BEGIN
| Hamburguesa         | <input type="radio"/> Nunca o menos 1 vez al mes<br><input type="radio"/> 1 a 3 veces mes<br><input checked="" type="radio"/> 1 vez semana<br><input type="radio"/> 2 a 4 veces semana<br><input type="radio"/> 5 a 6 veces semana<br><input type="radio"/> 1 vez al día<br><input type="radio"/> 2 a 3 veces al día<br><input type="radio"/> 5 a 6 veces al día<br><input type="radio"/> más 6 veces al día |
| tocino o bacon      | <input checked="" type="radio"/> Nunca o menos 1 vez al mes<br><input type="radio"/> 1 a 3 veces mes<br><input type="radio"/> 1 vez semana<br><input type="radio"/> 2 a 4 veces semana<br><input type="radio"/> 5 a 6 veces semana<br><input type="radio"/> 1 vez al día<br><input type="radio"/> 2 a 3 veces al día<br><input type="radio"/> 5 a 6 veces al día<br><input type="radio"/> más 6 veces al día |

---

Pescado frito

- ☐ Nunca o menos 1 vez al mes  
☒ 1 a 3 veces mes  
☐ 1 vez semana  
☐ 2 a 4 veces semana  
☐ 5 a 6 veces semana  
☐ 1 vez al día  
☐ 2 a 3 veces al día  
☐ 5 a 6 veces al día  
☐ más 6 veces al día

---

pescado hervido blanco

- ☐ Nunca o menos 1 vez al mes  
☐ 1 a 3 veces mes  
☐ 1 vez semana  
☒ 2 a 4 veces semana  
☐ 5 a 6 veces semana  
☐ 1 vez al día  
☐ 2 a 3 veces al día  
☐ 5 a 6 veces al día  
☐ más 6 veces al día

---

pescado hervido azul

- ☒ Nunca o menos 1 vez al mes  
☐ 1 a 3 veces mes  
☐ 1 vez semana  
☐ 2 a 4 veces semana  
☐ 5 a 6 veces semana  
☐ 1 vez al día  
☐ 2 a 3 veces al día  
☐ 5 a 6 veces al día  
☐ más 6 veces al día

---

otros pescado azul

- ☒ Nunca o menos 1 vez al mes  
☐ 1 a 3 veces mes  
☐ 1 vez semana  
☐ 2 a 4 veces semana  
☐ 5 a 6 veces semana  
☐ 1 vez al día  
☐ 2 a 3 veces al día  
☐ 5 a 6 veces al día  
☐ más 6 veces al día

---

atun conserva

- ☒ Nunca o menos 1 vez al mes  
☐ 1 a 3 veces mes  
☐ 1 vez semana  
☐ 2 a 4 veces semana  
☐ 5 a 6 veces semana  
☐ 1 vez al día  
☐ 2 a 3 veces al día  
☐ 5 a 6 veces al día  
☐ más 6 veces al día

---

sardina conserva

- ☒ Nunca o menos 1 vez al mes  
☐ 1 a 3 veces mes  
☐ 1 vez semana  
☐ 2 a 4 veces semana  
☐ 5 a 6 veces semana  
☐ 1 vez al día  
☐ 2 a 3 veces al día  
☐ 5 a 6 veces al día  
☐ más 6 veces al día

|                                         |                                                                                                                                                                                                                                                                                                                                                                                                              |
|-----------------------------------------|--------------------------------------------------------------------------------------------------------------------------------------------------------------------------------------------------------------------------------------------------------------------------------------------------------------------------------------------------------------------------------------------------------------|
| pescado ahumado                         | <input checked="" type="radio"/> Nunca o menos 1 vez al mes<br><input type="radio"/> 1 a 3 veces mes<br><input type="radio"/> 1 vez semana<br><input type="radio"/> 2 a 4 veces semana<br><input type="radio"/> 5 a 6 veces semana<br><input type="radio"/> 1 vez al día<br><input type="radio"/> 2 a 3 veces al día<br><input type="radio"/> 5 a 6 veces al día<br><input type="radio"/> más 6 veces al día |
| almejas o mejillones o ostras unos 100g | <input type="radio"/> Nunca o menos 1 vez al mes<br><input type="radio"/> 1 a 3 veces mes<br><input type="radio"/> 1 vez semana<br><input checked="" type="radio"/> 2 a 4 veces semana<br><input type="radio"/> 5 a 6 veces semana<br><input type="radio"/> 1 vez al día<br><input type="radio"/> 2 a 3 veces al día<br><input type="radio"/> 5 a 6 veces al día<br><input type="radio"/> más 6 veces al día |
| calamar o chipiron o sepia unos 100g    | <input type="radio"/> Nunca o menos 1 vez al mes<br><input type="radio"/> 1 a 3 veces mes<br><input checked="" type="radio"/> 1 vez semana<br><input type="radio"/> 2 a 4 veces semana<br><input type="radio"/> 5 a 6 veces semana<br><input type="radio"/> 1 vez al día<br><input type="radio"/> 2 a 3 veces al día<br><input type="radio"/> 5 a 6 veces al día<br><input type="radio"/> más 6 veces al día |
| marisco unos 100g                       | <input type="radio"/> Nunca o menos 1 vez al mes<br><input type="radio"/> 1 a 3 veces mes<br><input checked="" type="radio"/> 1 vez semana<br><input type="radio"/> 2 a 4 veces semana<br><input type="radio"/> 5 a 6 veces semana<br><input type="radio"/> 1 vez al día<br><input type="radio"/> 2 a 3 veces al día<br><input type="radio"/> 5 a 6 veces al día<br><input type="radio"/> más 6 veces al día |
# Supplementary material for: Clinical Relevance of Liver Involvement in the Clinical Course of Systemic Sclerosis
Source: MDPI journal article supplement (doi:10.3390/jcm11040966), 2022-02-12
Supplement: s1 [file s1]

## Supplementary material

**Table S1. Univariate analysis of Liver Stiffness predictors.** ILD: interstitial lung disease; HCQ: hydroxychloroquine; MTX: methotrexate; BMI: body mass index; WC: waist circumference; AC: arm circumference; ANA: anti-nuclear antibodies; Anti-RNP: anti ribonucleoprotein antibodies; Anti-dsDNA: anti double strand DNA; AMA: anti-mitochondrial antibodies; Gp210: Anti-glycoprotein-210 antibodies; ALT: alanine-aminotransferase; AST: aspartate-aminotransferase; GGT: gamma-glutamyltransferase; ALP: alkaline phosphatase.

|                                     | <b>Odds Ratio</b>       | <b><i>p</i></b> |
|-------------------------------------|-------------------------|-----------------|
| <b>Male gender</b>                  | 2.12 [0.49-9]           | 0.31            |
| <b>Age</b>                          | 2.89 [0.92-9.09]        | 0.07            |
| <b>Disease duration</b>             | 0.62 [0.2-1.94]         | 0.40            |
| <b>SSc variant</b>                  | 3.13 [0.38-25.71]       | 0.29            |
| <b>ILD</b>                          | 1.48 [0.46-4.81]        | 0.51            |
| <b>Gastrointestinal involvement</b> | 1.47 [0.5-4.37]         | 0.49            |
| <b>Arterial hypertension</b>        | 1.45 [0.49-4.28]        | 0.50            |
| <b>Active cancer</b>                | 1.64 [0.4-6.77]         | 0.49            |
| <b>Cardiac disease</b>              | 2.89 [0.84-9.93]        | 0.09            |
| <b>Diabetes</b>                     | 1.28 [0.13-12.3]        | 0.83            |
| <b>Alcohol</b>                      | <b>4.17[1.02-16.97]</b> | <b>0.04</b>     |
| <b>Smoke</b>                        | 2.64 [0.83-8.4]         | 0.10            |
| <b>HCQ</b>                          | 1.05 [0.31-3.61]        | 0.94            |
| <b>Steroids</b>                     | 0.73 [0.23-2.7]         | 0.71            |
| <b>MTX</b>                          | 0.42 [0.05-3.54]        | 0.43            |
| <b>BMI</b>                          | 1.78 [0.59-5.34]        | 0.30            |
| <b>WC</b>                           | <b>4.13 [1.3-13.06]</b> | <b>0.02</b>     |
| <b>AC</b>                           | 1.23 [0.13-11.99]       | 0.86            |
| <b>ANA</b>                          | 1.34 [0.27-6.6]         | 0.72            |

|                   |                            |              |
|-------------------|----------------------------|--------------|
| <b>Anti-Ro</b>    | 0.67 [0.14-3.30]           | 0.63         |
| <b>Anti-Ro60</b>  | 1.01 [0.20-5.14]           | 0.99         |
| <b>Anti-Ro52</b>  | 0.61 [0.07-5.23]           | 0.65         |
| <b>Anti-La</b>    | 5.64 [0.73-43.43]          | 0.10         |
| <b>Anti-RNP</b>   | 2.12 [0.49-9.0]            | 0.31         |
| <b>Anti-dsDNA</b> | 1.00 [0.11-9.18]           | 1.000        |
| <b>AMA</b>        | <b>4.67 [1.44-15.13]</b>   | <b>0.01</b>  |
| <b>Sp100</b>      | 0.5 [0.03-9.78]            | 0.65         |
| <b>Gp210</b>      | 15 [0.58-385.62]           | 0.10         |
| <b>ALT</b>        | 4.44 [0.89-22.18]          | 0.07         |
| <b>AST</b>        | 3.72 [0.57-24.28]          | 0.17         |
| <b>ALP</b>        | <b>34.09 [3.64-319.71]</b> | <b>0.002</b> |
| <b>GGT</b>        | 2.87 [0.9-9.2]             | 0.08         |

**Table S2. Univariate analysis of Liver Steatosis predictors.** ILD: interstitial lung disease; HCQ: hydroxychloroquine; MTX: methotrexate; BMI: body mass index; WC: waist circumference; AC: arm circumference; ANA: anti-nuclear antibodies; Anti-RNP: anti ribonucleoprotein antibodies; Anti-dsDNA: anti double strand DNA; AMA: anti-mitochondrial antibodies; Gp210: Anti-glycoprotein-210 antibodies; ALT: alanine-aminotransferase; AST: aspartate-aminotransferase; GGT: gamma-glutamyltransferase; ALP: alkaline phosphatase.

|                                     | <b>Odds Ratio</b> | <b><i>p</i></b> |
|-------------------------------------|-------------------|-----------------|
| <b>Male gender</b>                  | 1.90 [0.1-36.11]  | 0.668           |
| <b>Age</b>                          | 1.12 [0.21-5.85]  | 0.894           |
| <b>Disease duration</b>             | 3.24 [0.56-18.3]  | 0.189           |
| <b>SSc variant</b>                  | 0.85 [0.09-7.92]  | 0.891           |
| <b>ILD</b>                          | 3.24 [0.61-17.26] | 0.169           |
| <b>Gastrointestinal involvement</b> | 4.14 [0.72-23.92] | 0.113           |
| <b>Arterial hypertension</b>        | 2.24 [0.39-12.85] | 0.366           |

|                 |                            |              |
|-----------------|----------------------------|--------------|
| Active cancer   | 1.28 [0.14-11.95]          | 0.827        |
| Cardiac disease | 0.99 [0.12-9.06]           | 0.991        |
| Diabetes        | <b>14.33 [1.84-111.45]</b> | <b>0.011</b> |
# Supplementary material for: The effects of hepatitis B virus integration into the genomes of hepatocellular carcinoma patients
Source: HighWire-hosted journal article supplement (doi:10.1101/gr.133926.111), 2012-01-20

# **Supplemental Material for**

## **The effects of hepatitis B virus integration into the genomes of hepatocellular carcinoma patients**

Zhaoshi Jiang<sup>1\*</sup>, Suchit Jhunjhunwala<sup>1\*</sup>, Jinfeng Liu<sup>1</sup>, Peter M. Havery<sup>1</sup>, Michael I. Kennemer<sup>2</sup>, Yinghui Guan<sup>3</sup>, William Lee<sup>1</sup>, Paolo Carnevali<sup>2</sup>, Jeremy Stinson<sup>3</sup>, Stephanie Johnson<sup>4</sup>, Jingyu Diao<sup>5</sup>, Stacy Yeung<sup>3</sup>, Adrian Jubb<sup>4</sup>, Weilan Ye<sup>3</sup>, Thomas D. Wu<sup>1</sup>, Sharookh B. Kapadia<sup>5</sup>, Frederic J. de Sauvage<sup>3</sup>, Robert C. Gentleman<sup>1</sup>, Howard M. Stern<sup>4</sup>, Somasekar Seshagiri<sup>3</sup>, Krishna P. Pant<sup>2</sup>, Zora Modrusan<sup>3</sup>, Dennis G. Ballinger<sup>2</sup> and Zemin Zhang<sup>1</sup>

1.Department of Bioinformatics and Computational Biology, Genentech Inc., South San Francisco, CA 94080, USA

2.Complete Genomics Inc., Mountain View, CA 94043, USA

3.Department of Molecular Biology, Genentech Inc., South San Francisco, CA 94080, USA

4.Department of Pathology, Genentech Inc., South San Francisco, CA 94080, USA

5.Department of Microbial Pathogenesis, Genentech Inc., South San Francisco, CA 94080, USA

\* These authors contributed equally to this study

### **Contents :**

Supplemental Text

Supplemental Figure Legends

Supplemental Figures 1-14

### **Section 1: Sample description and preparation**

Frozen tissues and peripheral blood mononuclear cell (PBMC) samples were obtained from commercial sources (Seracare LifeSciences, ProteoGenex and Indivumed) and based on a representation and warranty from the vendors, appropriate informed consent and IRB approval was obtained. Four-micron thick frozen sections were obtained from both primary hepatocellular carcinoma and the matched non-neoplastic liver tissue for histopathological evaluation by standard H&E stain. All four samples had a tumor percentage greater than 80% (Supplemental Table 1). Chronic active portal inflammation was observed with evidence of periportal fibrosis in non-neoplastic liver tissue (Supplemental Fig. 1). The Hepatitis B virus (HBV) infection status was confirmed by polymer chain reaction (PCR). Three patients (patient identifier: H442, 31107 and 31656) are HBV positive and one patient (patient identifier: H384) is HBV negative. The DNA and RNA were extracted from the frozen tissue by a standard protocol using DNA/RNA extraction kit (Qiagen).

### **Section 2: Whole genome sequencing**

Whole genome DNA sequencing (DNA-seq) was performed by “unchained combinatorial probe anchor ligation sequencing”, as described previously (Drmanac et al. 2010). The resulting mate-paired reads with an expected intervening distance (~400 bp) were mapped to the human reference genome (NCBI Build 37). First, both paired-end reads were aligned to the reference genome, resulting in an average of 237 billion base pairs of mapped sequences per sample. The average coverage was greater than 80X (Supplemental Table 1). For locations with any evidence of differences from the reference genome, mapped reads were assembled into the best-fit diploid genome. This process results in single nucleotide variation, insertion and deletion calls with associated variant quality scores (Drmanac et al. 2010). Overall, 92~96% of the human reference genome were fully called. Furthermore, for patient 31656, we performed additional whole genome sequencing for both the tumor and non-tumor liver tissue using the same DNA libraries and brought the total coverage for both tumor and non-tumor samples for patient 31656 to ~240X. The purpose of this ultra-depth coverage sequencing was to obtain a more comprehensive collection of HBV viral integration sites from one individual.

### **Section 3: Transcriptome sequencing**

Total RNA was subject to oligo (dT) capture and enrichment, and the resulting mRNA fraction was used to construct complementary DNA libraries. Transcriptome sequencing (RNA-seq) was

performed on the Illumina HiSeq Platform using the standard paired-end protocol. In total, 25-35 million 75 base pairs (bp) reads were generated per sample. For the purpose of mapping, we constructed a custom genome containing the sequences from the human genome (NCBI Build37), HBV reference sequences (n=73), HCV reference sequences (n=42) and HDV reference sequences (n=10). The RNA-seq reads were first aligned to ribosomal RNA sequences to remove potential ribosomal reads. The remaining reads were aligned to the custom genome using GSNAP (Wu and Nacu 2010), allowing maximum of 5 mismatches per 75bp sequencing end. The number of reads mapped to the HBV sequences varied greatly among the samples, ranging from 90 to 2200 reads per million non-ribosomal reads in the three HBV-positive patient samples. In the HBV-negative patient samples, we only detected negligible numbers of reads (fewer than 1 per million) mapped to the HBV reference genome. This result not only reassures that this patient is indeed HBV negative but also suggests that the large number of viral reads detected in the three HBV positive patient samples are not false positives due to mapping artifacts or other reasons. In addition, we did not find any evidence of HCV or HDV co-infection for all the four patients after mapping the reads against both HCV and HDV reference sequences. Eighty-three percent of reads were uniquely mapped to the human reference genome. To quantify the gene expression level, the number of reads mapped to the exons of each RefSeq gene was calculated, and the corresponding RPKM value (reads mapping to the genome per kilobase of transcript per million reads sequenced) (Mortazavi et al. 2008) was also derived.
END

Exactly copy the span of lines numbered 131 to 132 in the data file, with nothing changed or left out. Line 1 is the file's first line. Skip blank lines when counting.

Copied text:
# Supplementary material for: The effects of hepatitis B virus integration into the genomes of hepatocellular carcinoma patients
Source: HighWire-hosted journal article supplement (doi:10.1101/gr.133926.111), 2012-01-20